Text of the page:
Recent fish surveys confirm what many biologists, ecologists, and water experts have known for some time – Delta smelt remain on the brink of extinction. Zero Delta smelt were found in the California Department of Fish and Wildlife’s recent Fall Midwater Trawl Survey. Even the Enhanced Delta Smelt Monitoring Program, which is specifically designed to capture the tiny fish, only successfully caught two Delta smelt from September 8 to December 11, 2020.
Improving the health of native species like Delta smelt is an imperative, as it is critical to the health of our environment and the reliability of our water supplies. As an indicator species, the Delta smelt’s absence tells a grim story about the health of the Delta ecosystem, making these recent findings all the more concerning.
These results are not surprising, when California has made slow progress on actions like habitat restoration that are essential to restoring native fish populations.
For many years flows, meaning pumping from the Delta, have been blamed as the primary cause for the decline in Delta smelt. As a result, restrictions on pumping from the Delta have been the default approach to protecting these fish.
The fact that Delta smelt populations are still desperately low – despite years of restricted pumping – confirms that a flows-only approach isn’t effectively protecting Delta smelt populations.
Equally concerning is the fact that a flows only approach has at the same time had a detrimental impact on the agriculture industry and the communities that rely on surface water, not only in the Central Valley but for anyone who buys and eats food grown there.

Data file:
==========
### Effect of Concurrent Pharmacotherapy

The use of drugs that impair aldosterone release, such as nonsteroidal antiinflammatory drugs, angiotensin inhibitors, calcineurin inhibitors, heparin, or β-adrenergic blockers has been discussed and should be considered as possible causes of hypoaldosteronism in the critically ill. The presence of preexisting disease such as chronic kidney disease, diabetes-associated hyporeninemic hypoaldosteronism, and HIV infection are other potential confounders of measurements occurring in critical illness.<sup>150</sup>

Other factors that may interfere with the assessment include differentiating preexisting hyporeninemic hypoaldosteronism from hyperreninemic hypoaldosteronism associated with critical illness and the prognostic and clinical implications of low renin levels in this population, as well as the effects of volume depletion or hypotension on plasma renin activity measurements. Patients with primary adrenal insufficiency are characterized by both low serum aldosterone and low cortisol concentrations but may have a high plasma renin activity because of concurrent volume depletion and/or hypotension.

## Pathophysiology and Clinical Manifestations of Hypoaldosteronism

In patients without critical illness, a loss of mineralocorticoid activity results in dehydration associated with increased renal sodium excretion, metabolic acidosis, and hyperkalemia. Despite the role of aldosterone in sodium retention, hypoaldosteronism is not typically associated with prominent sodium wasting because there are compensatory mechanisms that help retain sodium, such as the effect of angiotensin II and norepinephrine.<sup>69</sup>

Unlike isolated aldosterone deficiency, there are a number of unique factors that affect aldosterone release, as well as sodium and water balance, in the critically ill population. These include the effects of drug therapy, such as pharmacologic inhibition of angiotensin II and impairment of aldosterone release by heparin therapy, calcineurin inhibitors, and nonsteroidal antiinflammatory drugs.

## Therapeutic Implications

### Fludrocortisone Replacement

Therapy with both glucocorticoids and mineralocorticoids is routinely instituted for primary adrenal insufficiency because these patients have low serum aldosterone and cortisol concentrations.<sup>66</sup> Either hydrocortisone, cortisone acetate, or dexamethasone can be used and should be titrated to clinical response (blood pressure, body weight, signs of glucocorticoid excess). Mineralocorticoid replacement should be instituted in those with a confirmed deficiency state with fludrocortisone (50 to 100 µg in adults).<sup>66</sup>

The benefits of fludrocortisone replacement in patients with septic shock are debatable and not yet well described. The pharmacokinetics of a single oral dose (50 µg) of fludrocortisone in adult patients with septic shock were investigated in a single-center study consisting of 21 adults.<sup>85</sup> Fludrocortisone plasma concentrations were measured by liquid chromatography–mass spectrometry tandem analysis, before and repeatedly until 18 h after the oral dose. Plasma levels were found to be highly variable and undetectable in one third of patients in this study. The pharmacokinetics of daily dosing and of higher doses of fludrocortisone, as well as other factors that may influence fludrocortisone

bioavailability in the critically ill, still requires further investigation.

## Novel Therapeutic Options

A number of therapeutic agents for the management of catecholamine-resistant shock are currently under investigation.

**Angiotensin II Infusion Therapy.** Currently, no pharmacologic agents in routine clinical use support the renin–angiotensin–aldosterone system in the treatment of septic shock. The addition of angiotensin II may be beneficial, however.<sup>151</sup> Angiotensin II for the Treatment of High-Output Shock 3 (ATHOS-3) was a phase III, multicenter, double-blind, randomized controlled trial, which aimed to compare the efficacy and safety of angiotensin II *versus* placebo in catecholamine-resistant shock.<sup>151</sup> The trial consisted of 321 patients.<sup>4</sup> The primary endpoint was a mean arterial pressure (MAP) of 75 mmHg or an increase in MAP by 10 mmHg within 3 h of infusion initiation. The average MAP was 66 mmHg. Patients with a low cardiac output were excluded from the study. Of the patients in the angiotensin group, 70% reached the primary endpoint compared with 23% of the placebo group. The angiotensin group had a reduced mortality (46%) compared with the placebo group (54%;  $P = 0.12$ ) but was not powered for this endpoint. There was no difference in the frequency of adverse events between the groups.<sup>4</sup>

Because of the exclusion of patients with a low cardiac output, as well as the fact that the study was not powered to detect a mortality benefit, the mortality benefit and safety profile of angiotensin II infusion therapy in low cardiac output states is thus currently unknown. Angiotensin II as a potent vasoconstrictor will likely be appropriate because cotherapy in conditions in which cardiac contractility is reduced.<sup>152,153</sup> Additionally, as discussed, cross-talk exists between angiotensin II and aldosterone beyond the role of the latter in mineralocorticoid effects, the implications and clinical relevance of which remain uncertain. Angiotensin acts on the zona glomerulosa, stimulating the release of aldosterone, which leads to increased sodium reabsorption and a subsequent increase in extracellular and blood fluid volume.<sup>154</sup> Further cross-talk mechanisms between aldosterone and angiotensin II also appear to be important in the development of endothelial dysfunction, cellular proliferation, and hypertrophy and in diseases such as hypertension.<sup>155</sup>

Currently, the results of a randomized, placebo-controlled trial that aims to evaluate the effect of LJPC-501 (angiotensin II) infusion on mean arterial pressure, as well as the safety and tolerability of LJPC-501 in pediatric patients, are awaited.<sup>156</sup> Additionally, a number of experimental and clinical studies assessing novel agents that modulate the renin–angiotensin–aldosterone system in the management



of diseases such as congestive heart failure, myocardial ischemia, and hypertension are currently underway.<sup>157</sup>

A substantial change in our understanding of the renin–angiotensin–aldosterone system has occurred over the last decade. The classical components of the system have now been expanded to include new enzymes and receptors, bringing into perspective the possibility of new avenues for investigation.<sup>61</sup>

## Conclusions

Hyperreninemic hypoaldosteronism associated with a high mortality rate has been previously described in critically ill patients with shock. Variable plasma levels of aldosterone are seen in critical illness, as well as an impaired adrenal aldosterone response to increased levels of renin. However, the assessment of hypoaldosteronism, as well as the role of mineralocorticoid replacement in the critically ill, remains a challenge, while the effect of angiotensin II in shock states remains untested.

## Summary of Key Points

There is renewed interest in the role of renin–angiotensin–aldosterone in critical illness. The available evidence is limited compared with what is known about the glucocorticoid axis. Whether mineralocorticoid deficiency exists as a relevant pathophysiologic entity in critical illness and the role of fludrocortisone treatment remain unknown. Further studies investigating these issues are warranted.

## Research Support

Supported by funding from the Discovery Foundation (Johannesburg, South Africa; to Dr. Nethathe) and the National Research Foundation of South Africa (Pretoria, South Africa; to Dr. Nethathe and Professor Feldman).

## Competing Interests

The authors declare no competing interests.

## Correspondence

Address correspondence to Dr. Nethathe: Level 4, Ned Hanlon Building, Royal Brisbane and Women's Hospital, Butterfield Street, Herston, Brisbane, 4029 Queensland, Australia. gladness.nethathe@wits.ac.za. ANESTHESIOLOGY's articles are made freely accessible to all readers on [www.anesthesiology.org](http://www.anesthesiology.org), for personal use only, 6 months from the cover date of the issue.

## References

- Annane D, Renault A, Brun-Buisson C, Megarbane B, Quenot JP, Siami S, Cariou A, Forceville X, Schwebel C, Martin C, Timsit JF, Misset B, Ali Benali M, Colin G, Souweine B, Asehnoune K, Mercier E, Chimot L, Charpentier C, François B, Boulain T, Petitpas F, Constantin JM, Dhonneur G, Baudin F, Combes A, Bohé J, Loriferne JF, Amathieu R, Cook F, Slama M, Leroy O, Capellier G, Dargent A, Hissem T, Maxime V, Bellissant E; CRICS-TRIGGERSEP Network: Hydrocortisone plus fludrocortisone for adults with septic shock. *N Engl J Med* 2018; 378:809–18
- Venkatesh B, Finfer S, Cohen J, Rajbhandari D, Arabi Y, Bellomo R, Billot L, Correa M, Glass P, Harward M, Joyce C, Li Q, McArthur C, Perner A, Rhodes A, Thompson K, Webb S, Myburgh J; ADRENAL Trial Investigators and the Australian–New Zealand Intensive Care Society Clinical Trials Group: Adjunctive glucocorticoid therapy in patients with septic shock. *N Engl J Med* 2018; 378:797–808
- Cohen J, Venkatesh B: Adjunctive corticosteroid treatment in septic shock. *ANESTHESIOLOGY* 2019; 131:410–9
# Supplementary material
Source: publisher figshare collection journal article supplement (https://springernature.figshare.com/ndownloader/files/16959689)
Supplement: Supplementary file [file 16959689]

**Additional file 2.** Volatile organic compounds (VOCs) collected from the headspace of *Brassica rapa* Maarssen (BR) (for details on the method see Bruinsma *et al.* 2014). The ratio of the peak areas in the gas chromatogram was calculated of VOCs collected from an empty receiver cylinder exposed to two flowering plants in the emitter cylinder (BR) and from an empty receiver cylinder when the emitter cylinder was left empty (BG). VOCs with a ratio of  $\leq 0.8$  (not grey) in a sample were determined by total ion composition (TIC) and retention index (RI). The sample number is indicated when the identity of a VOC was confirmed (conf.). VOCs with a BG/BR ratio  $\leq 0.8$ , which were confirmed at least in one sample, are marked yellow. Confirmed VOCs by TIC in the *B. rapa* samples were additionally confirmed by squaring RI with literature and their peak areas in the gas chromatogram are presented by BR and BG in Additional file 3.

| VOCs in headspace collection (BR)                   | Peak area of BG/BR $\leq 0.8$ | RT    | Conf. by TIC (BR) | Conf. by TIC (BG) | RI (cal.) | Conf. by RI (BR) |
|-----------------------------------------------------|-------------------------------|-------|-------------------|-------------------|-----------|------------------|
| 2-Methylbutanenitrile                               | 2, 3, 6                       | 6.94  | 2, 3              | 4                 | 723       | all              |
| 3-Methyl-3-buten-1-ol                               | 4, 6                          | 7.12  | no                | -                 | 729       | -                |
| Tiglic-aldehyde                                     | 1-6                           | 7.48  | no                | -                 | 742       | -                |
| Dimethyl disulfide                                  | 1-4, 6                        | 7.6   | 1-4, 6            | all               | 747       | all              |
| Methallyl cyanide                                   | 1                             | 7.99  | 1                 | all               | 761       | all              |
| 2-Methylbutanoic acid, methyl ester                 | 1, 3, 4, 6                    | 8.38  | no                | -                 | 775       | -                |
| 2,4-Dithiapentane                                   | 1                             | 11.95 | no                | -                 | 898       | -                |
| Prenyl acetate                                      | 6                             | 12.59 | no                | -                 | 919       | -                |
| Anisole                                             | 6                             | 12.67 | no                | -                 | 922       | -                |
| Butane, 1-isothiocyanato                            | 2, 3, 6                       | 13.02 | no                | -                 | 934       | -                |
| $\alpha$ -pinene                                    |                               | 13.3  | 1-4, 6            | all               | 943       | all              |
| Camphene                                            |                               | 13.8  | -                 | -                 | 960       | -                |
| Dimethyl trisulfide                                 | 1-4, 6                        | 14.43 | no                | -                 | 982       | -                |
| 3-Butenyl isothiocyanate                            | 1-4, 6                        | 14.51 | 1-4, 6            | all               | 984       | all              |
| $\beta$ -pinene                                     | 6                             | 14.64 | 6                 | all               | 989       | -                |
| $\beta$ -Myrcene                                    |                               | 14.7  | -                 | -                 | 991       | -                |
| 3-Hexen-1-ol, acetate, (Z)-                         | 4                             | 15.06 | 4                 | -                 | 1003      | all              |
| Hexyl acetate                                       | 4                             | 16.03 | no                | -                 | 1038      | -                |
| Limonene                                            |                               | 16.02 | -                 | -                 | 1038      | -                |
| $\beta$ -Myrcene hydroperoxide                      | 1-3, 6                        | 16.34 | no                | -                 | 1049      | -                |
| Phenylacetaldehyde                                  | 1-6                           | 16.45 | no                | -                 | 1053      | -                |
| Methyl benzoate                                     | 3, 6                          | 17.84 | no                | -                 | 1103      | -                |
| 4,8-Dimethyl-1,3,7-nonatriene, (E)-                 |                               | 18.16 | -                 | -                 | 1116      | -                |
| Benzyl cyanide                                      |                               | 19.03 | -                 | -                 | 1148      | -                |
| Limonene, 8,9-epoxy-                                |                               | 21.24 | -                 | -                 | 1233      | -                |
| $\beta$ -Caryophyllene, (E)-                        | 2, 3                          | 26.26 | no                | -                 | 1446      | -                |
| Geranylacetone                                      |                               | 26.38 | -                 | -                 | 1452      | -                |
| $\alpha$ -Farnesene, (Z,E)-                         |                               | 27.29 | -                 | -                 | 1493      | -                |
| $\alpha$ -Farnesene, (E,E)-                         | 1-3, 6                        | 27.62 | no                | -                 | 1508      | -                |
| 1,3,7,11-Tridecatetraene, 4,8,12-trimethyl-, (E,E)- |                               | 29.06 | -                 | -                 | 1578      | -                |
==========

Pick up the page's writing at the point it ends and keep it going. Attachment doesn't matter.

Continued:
In fact, there are a multitude of stressors on native fish populations – including invasive and predatory non-native species, loss of habitat, contaminants, and changes in food availability and quality – and restoring the health of Delta smelt requires a broad-based approach that includes targeted actions to effectively address all these factors.
Let’s use another analogy: Responding to the near-extinction of Delta smelt by relying on pumping restrictions alone is as effective in restoring their overall health as responding to the COVID-19 pandemic by relying on bar and restaurant restrictions alone. Can some data-based restrictions be a lever for change? Absolutely. But aggressive, austere restrictions that are not supported by the science cannot be relied upon to solve the entirety of the crisis – particularly when there are severe economic consequences associated with the restrictions, too.
Ultimately, we must pursue a combination of functional flow and non-flow measures, including habitat restoration and adaptive management, to meet the needs of native fish and wildlife species. Without a more holistic approach, the Delta smelt will go from endangered to extinct.